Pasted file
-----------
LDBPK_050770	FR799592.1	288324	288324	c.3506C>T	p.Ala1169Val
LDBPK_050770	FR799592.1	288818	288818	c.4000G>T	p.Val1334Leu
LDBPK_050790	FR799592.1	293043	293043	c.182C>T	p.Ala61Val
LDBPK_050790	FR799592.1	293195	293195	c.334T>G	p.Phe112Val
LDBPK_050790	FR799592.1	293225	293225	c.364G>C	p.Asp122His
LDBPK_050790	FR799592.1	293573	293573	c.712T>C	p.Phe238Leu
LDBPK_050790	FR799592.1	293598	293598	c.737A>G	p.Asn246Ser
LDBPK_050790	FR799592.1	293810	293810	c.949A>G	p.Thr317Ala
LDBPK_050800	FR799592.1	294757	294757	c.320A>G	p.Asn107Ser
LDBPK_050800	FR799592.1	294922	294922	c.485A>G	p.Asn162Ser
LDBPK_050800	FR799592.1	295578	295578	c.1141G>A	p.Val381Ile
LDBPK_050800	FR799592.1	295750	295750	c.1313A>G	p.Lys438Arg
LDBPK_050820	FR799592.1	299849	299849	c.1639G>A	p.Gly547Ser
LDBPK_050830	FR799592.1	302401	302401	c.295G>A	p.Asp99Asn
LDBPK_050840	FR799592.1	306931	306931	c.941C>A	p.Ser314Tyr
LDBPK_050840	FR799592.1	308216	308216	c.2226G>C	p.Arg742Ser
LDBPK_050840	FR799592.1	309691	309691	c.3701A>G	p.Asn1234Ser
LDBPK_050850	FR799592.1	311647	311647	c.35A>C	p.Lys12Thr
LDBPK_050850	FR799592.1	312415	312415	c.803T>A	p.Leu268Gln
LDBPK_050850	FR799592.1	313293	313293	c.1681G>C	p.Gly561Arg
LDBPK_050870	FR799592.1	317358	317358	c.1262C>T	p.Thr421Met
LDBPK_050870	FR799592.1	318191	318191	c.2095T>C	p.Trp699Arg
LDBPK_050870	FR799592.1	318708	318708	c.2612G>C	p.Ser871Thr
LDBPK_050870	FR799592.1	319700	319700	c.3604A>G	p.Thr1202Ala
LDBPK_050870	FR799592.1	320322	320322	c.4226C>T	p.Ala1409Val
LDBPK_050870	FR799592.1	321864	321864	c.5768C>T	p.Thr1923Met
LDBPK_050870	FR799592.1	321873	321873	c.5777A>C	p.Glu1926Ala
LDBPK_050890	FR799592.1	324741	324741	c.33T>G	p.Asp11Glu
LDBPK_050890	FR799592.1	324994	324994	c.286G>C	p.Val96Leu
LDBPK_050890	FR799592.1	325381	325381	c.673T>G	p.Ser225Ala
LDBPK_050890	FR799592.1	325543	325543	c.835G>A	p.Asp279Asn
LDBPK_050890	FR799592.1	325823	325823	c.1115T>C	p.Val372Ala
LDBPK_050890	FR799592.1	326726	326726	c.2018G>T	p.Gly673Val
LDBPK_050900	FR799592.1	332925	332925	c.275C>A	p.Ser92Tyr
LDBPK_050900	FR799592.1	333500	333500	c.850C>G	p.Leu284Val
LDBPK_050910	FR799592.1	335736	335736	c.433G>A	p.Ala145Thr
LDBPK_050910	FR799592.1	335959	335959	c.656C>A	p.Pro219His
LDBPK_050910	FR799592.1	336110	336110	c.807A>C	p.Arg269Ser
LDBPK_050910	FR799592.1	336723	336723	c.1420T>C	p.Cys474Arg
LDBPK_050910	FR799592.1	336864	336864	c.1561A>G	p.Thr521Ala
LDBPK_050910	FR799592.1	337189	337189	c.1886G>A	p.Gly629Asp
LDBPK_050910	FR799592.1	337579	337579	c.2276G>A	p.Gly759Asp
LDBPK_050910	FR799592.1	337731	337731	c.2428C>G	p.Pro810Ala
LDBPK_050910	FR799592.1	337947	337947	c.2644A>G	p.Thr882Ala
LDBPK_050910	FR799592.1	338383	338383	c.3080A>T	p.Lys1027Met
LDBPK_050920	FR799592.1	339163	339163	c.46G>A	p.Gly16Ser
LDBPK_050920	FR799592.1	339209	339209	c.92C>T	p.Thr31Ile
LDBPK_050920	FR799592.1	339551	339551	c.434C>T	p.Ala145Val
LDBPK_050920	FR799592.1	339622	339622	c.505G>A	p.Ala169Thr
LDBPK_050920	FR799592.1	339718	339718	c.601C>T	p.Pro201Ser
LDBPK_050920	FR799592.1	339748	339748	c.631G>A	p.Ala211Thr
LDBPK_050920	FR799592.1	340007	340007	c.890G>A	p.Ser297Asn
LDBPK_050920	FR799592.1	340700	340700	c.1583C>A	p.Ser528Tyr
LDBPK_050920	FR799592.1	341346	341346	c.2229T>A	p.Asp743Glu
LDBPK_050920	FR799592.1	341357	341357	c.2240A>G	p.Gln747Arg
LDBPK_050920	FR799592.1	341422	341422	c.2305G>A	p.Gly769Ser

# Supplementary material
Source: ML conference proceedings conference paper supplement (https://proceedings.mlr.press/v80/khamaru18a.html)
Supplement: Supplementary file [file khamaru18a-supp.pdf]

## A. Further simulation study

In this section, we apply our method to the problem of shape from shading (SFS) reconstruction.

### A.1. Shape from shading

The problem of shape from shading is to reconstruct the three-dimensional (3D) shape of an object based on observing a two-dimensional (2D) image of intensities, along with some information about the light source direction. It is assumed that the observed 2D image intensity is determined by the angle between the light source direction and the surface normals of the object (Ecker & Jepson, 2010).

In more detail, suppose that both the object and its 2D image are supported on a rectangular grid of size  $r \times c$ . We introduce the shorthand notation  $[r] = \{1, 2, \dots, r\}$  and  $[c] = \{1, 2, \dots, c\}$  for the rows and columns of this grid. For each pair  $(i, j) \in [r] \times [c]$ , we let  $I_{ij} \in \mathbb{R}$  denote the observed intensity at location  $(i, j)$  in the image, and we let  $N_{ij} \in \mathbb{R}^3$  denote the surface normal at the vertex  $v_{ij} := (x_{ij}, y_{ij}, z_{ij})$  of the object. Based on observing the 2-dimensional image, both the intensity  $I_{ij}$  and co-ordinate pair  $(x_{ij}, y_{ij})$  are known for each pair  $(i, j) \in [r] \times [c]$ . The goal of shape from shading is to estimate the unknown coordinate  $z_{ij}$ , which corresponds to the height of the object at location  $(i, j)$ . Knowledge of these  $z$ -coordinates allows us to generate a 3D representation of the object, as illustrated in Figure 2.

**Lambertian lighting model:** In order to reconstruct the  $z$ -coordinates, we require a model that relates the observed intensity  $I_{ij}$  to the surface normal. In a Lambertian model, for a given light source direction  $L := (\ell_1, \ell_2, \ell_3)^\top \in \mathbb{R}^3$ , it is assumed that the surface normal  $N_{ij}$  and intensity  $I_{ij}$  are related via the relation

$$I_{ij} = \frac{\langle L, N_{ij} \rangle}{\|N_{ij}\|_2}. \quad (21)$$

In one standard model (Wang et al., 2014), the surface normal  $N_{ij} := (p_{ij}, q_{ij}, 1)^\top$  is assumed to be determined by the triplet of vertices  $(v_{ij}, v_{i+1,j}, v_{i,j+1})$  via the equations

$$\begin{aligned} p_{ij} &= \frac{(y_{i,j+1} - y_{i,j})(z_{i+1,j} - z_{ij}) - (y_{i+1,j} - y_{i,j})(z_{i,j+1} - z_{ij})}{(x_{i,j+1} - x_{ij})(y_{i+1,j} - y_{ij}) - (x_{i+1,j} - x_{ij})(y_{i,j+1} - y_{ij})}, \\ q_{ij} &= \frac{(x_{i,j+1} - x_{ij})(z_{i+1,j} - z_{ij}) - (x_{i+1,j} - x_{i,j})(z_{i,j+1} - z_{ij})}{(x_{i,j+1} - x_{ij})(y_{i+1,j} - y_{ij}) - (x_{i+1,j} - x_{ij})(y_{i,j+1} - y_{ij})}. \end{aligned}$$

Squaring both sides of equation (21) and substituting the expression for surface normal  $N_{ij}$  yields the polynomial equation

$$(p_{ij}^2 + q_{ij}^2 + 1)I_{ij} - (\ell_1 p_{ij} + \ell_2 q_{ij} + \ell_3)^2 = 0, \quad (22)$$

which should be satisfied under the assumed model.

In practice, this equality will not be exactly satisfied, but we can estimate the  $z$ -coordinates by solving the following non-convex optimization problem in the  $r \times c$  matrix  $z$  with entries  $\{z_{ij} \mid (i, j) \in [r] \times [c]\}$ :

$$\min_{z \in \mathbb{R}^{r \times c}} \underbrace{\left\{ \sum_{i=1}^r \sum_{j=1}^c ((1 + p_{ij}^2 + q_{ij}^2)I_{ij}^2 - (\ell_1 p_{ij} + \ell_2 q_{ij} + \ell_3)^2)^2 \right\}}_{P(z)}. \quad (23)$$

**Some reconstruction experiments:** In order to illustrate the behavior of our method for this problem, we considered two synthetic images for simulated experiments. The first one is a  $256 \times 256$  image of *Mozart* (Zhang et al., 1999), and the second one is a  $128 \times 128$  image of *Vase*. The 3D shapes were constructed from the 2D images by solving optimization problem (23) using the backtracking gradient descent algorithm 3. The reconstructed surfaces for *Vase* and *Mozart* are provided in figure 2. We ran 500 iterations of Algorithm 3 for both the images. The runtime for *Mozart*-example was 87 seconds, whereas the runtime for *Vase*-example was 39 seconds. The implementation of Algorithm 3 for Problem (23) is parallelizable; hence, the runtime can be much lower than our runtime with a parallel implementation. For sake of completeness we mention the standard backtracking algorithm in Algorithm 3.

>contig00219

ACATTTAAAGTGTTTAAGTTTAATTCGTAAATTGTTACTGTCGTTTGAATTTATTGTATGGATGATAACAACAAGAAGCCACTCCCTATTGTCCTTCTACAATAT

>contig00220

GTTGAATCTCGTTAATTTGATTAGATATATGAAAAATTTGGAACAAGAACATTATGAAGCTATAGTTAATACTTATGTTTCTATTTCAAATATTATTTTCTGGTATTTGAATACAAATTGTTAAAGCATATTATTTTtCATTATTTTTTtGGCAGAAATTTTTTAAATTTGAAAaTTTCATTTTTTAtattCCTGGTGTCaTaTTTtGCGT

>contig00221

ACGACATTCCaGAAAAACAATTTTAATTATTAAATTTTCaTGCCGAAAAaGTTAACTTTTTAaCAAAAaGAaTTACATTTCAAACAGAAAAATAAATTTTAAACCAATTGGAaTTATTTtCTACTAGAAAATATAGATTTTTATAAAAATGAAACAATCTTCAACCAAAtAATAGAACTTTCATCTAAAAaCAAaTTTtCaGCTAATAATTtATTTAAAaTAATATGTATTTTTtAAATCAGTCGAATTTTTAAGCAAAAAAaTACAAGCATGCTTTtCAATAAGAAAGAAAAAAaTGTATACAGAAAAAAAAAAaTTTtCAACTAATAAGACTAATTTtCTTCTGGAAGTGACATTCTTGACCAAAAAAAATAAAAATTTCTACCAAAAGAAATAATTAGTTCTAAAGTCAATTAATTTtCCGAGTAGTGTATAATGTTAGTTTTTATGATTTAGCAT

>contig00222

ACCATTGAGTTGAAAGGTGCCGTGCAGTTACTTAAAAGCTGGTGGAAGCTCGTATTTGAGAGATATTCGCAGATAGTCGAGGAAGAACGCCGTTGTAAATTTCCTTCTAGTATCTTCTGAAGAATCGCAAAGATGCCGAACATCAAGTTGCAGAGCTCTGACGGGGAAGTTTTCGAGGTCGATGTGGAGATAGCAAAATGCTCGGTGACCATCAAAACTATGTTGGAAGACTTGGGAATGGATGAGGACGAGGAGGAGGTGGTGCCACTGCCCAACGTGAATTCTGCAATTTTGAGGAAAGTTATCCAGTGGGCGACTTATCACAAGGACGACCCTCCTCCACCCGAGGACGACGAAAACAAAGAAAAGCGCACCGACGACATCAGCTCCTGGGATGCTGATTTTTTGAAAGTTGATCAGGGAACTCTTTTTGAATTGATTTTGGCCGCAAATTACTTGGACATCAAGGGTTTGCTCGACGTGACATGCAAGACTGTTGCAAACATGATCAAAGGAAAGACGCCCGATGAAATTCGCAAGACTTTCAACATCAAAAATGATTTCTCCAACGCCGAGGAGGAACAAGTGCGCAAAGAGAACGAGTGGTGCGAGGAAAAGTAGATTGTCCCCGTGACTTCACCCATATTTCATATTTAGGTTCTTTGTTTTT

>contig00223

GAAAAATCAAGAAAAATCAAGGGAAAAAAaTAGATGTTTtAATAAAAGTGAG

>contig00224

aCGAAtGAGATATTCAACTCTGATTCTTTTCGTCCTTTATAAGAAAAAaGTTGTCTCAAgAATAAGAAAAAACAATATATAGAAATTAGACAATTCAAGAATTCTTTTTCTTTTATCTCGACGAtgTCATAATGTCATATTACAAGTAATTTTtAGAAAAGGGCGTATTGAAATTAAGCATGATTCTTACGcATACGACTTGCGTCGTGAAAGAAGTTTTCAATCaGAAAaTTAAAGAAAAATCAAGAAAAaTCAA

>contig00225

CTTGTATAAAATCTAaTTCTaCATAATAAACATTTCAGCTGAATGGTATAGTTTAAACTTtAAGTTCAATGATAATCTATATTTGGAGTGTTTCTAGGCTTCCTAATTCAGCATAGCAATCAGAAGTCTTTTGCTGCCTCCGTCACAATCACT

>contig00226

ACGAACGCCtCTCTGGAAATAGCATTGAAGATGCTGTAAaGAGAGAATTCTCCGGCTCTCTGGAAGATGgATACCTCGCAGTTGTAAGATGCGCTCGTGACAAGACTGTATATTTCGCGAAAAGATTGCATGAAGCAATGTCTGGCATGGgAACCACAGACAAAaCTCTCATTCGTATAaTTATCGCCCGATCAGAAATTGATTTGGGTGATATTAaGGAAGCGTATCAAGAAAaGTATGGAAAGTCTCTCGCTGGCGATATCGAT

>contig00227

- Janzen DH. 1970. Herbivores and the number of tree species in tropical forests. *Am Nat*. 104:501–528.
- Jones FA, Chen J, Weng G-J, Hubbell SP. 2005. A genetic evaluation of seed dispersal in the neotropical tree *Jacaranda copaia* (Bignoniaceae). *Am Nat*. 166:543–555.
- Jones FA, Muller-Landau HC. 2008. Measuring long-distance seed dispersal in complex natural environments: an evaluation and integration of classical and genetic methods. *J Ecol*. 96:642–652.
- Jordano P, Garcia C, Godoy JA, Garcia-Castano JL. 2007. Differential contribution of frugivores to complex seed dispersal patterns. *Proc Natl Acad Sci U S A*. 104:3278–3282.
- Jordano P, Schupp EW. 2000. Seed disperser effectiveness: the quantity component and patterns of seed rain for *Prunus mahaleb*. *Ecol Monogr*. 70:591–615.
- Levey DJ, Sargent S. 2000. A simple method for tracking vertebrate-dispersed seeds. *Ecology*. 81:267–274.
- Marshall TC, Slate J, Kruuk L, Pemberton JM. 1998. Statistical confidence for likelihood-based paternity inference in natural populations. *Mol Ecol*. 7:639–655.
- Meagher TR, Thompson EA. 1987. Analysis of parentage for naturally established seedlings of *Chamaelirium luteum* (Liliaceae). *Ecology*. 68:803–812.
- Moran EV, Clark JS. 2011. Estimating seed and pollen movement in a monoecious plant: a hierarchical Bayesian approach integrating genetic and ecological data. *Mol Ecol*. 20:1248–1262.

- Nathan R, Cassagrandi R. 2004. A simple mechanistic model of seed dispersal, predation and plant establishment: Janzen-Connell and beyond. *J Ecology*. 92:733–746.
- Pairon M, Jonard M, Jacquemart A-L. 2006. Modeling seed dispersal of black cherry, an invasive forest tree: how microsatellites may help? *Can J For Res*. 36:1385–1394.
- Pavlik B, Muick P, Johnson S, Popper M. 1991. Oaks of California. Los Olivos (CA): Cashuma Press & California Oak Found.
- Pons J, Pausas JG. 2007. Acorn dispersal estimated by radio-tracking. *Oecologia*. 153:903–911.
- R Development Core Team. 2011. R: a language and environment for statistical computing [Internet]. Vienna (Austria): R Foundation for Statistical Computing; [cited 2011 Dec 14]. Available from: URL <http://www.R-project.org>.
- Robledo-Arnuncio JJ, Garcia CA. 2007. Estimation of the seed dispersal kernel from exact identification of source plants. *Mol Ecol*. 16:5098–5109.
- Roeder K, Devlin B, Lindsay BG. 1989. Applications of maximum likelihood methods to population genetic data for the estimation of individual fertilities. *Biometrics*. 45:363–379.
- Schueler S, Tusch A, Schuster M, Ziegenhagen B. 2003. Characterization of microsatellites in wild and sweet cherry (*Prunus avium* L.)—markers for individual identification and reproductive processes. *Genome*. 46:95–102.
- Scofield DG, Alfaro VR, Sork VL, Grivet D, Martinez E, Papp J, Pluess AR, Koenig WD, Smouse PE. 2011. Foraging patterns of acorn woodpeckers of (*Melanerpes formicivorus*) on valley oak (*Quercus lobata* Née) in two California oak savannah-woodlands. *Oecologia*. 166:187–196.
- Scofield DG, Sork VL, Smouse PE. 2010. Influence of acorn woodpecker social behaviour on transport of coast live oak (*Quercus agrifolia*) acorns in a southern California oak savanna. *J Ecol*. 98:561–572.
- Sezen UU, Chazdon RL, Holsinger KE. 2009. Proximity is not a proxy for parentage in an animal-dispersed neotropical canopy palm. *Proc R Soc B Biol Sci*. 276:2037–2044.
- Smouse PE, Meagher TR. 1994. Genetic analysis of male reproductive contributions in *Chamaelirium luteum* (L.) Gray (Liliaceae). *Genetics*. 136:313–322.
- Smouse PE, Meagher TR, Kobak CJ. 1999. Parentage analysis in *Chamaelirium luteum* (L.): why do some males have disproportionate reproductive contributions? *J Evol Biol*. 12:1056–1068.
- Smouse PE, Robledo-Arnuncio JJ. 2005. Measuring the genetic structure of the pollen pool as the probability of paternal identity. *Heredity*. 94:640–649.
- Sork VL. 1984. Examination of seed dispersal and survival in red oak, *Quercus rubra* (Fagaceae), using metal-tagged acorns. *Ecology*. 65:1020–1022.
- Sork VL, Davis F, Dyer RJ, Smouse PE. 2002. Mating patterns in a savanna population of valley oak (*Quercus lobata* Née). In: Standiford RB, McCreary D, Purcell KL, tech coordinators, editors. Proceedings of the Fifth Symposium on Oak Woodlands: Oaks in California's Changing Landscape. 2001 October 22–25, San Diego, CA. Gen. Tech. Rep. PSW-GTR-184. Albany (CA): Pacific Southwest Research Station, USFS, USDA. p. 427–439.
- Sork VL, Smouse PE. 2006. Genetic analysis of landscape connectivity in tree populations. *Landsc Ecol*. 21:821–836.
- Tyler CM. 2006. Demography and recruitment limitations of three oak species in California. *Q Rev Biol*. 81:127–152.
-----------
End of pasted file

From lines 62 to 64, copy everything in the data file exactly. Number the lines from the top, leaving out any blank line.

### A.1. Shape from shading

The problem of shape from shading is to reconstruct the three-dimensional (3D) shape of an object based on observing a two-dimensional (2D) image of intensities, along with some information about the light source direction. It is assumed that the observed 2D image intensity is determined by the angle between the light source direction and the surface normals of the object (Ecker & Jepson, 2010).

In more detail, suppose that both the object and its 2D image are supported on a rectangular grid of size  $r \times c$ . We introduce the shorthand notation  $[r] = \{1, 2, \dots, r\}$  and  $[c] = \{1, 2, \dots, c\}$  for the rows and columns of this grid. For each pair  $(i, j) \in [r] \times [c]$ , we let  $I_{ij} \in \mathbb{R}$  denote the observed intensity at location  $(i, j)$  in the image, and we let  $N_{ij} \in \mathbb{R}^3$  denote the surface normal at the vertex  $v_{ij} := (x_{ij}, y_{ij}, z_{ij})$  of the object. Based on observing the 2-dimensional image, both the intensity  $I_{ij}$  and co-ordinate pair  $(x_{ij}, y_{ij})$  are known for each pair  $(i, j) \in [r] \times [c]$ . The goal of shape from shading is to estimate the unknown coordinate  $z_{ij}$ , which corresponds to the height of the object at location  $(i, j)$ . Knowledge of these  $z$ -coordinates allows us to generate a 3D representation of the object, as illustrated in Figure 2.